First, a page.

Gurkha society calls for positive discussion

Following criticism by a Facebook Group
13th September 2011: A Gurkha welfare society has called for positive discussion amid, what it called growing criticism of the number of Nepalese immigrants arriving in Aldershot and Farnborough.
The British Gurkha Welfare Society (BGWS) said it was concerned  about a Facebook group that condemned the government for not doing more to help Rushmoor deal with an invasion of Gurkhas and their families.

BGWS and the Greater Rushmoor Nepali Community (GRNC) said there had also been public notices doing the same, including one that was hanging in a football club’s bar.

The High Court decided in 2009 to allow Gurkhas with more than four years’ service to settle in Britain. This had led to hundreds coming to live in Rushmoor, with considerable numbers also settling in Camberley, Fleet and Sandhurst.

Actress Joanna Lumley campaigned for the Gurkhas’ right to settle and became a figurehead for the campaign.

A Facebook group ‘Lumley’s legacy’, which disapproves of the government for not giving more money and support to Rushmoor to deal with the influx, had attracted 664 members as the News and Mail went to press.

BGWS chairman Tikendra Dewan said he had no uncertanity over the majority of the people expressing their concern, had the best intention and thought very highly of the Gurkhas.

 He added “I would ask that these people think very carefully about what they are doing, and to remember that without the right to settle, many elderly Gurkhas, who have given selflessly to this country’s armed forces, would have been left in desperate poverty in Nepal.”

 Dewan further elaborated “We want to work with the local authorities, services and community to get the best for everyone.”

  He asserted that there were other areas in the UK that had productively integrated significant numbers of Gurkhas into their communities, and  need to learn from this example in Rushmoor.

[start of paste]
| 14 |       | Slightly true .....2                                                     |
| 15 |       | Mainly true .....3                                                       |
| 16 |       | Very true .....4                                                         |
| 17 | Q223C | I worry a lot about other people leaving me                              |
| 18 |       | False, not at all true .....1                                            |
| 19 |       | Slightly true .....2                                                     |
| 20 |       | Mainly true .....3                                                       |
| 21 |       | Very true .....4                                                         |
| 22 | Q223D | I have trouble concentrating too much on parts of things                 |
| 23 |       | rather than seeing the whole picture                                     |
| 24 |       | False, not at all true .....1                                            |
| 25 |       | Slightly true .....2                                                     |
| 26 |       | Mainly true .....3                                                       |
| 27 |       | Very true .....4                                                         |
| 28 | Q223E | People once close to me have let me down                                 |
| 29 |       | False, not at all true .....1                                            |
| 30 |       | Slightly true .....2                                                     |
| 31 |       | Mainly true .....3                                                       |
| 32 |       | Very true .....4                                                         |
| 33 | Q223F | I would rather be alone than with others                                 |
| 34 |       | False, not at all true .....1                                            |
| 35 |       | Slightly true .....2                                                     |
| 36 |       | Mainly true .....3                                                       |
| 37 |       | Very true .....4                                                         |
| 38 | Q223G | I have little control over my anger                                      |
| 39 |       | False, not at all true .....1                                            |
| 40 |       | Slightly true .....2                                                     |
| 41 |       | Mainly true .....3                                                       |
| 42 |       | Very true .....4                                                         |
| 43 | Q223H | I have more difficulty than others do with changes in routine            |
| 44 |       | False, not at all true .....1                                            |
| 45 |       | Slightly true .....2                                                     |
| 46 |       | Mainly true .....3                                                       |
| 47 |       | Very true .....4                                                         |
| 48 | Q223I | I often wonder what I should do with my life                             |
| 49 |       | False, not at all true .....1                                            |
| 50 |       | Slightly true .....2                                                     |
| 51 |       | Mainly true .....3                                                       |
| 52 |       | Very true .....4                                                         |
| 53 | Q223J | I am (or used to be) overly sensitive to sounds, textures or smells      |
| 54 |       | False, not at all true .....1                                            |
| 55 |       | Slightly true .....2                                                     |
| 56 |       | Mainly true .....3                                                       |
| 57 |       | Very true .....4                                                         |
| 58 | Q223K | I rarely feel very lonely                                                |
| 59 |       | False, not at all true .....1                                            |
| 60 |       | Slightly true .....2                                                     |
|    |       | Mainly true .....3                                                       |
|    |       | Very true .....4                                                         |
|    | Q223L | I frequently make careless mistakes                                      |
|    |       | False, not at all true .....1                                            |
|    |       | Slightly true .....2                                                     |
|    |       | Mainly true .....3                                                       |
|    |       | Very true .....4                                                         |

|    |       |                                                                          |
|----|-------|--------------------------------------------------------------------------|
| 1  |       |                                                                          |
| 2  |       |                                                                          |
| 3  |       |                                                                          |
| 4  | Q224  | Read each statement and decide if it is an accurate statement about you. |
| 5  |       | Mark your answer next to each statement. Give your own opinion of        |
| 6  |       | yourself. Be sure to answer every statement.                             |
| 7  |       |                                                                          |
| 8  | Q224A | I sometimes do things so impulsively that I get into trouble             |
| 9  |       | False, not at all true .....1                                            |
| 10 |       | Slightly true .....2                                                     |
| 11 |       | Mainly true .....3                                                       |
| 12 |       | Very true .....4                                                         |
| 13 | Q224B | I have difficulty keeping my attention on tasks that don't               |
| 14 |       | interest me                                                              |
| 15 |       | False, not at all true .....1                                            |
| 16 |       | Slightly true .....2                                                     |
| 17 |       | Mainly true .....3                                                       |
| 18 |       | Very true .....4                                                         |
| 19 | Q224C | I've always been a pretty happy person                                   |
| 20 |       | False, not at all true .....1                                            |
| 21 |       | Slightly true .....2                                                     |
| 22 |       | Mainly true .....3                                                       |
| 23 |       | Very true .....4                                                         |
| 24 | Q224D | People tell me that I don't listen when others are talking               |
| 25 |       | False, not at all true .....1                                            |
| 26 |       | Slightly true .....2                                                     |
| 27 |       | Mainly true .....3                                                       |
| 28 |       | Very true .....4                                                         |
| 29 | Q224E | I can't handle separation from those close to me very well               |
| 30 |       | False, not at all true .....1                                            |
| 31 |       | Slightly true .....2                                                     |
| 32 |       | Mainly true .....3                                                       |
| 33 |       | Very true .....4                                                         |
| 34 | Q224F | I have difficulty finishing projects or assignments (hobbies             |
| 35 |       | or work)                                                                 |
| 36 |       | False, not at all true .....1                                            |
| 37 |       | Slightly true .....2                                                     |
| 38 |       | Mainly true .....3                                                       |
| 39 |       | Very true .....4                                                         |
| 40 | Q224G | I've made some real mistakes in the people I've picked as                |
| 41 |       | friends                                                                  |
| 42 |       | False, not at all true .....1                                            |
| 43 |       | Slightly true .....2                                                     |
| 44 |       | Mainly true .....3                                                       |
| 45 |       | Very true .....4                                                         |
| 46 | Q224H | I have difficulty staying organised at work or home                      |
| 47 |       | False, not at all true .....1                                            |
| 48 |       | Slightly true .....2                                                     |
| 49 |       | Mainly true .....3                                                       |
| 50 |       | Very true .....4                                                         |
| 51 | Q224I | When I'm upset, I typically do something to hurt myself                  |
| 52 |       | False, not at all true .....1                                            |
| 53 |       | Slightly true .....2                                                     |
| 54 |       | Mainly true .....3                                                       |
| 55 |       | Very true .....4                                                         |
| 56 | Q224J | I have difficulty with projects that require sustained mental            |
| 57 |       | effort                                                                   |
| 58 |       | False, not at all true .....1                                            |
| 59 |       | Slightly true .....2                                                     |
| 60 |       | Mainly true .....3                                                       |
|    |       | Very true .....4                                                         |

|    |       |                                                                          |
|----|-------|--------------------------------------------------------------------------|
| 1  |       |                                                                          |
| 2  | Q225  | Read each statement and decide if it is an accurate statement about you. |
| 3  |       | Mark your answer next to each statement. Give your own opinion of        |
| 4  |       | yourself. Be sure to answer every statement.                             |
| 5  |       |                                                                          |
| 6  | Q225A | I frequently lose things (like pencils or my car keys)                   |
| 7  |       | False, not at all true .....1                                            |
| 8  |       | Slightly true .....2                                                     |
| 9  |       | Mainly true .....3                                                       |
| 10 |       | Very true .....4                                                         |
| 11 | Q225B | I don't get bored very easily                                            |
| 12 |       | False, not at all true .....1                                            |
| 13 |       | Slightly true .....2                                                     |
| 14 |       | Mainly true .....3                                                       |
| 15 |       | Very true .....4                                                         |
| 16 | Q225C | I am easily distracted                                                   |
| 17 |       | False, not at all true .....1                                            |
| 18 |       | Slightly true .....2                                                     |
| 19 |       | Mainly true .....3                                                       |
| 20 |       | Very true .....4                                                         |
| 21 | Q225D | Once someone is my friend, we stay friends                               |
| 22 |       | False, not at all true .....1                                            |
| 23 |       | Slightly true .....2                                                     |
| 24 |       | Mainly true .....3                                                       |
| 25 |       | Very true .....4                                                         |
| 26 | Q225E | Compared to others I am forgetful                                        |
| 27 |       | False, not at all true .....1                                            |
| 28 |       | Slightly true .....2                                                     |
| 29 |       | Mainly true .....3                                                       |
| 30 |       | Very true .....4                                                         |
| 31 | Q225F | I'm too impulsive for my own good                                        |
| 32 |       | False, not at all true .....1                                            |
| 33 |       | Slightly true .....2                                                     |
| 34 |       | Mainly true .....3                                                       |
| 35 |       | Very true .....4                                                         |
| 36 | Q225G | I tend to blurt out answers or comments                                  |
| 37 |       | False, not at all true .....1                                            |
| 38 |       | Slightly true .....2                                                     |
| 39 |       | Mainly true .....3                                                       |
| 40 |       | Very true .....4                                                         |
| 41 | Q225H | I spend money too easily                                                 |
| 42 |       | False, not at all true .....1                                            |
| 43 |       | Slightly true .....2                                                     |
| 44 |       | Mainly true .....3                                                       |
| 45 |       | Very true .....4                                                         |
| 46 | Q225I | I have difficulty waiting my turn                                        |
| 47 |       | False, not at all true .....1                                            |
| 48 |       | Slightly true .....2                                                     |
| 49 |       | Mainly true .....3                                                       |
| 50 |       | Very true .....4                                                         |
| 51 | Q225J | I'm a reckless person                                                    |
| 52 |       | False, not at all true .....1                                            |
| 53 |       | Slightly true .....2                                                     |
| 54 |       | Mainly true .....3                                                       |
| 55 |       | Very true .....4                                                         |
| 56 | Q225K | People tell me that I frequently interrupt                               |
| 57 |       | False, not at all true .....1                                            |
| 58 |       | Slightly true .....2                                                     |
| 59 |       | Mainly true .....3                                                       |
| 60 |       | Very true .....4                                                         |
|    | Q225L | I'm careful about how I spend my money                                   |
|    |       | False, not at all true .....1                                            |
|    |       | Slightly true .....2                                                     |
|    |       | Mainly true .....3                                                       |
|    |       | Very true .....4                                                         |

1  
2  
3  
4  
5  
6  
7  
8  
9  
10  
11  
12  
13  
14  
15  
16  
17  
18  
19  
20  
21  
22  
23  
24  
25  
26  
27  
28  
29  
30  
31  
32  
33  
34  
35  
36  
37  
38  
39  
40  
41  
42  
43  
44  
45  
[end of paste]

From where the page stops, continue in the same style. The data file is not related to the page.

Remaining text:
The BGWS and GRNC have warned that the growing anxiety in Rushmoor are symptomatic of Gurkha welfare issues not being fully resolved.

They have called on the government to grant equal pensions to those veterans who retired before 1997 – thereby allowing Gurkhas and their families their preference of staying in Nepal and reducing the cost to the UK.

The News and Mail contacted the founder of Lumley’s Legacy, Sam Phillips, who sent a reply with a statement from the group.

He said: “What happened next (after the influx) was that this caused and is still causing a huge drain on the local services. On top of housing and support they now also need translators for doctor and dentist appointments which has to be paid for on an already over-stretched budget.

 Philips added “As a group, our problems are not with the Nepalese people themselves but the government and the fact that they never prepared the infrastructure or supplied more money to cope with the massive influx of people to such a small area.”

Phillips also said the group recognised the sacrifice of the Gurkhas and warned anyone who made racist remarks in the group would be removed.

Members of the group have been discussing exactly how many Nepalese people have immigrated to the borough and what impact this has had on services.

Rushmoor Borough Council has joined the group to discuss the issues people are raising there.

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